The Brooklyn Bridge - An Inspring Tale of Engineering
To engineer is human...
In 1883, an engineer, John Roebling wanted to build a bridge connecting Long Island to New York City. Bridge construction workers and engineers the world over thought this would be an impossible feat. They told him that it just couldn't be done, and that he was being impractical. In a way, the engineers that told John Roebling meant well.They were speaking from their own practical experience, and as we all know being pragmatic is one of the most important aspects of being an engineer.
However, another central tenet is not to ignore your
creative inspiration. Roebling was indeed quite inspired by the idea to
build a bridge from Long Island to NYC. He just couldn't ignore the
passion he had for this idea. However, it was not easy to convince
others to share his passion. It even took some work to convince his
son, Washington, a blossoming young engineer, to help with the project.
and son began to develop concepts of how the bridge could be built and
explored the full range of problems they could encounter in the
construction. John Roebling even devised a new method of bridge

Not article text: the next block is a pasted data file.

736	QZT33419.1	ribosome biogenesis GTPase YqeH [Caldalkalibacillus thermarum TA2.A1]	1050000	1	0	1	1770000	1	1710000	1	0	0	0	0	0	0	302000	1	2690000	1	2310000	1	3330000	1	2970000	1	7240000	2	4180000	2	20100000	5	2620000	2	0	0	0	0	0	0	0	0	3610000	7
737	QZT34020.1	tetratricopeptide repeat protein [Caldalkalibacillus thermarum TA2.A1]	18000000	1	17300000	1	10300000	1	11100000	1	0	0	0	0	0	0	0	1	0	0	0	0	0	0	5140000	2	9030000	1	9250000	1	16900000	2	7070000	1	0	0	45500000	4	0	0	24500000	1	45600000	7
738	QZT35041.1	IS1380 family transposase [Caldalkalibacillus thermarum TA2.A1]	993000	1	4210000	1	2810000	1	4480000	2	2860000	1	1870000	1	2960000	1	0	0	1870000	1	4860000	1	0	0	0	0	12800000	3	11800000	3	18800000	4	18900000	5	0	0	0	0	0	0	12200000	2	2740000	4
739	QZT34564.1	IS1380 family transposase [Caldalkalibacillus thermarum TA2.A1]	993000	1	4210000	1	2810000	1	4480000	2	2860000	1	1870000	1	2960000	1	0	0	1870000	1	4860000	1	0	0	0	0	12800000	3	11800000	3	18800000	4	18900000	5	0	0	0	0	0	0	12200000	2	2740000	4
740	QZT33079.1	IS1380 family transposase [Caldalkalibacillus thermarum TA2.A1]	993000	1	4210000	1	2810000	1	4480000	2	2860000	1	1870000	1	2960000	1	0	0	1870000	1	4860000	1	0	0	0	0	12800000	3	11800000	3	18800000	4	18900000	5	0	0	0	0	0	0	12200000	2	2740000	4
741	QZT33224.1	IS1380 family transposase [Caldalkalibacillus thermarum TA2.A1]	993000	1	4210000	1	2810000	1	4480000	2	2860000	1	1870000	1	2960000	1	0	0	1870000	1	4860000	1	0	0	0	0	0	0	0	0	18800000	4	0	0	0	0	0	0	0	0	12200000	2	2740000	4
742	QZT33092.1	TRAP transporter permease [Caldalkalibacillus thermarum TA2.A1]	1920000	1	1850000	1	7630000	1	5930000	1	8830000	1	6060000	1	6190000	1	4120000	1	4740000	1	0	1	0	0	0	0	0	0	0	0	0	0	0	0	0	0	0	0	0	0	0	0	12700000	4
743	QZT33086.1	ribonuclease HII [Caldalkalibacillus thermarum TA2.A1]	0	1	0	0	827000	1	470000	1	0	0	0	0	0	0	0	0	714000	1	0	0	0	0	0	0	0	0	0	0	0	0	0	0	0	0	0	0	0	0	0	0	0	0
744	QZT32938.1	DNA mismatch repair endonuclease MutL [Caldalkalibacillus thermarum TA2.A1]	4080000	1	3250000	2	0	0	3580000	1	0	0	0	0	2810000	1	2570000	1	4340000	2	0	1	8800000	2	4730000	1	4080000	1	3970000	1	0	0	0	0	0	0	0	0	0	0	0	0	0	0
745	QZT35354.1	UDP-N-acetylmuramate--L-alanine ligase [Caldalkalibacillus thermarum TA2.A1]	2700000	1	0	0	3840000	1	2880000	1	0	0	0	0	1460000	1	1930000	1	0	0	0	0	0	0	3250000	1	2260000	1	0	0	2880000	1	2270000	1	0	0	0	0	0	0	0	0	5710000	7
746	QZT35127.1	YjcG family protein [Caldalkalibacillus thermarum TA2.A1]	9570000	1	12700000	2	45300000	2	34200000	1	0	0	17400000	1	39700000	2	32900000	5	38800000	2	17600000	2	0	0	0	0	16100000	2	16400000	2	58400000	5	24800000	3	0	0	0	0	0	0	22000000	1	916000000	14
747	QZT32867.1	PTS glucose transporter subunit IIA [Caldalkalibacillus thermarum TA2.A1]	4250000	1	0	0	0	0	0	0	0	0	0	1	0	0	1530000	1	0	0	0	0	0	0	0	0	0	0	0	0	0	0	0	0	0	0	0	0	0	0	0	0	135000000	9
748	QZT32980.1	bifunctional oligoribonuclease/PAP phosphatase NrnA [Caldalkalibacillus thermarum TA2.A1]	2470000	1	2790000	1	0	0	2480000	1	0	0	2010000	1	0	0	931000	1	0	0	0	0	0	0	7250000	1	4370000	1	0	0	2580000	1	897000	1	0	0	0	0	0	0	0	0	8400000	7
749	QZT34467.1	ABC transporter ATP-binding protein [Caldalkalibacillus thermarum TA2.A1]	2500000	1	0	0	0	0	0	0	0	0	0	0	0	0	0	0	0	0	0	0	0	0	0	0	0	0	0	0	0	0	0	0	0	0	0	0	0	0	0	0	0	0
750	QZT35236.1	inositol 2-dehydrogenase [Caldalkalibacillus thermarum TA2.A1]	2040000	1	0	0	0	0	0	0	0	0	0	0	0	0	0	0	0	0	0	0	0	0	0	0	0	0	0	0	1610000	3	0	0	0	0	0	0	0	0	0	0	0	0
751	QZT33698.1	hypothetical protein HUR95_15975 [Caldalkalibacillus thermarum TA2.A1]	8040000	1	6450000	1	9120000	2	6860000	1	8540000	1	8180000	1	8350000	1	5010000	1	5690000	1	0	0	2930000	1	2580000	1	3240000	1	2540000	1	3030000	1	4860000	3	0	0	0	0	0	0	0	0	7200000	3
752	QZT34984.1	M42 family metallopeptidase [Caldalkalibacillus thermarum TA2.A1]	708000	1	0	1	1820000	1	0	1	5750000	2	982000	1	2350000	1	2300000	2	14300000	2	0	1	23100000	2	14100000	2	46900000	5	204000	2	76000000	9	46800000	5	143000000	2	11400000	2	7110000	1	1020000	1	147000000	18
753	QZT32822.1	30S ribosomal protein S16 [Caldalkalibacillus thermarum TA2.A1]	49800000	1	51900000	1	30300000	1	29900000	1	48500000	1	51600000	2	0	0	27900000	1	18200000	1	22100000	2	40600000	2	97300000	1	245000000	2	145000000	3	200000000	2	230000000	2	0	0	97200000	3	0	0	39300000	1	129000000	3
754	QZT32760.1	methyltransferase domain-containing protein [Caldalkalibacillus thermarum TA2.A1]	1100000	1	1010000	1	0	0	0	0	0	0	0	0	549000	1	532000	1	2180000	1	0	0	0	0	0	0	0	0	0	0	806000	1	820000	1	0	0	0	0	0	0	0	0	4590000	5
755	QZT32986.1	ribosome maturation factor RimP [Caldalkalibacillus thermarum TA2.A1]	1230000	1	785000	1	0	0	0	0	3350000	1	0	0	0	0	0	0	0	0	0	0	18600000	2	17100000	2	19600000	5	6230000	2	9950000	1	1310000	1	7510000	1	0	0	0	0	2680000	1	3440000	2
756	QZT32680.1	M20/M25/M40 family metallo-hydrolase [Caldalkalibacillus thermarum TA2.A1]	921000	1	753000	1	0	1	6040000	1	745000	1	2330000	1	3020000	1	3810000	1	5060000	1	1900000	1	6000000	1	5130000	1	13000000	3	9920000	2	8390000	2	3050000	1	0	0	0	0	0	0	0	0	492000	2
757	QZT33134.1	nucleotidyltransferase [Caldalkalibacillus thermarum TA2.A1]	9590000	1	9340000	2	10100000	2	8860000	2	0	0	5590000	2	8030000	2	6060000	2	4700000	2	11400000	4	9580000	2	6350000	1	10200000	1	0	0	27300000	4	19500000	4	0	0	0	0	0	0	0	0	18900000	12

analysis called an equilibrium strength approach. Many years passed
before the project was approved by the state and others began to join
their bandwagon. Soon afterwards, they began hiring the crew and began
construction on their dream bridge.
The project was already off to a great start by 1869, until tragedy struck. One day, only a few months into construction, John Roebling was standing on the edge of a dock where the bridge was being built, when his foot was crushed by an entering ferry. This eventually led to the amputation of his toes. He also refused further medical treatment until his health deteriorated rapidly into tetanus, which ultimately led to his death.
son, Washington was also injured during the project, which caused brain
damage and prevented him from being able to walk and even move.
However, Washington was not discouraged. Although immobile, he worked
long and hard with his life to help finish plans for the bridge and
continued to meet and communicate with his project engineers.
In 1883, the bridge between NYC and Brooklyn was finally completed, with a span of 1595 feet (1/3 of a mile)...a short distance on land, but certainly not suspended over water! This story shows us that even seemingly impossible, distant dreams can be realized with determination and persistence.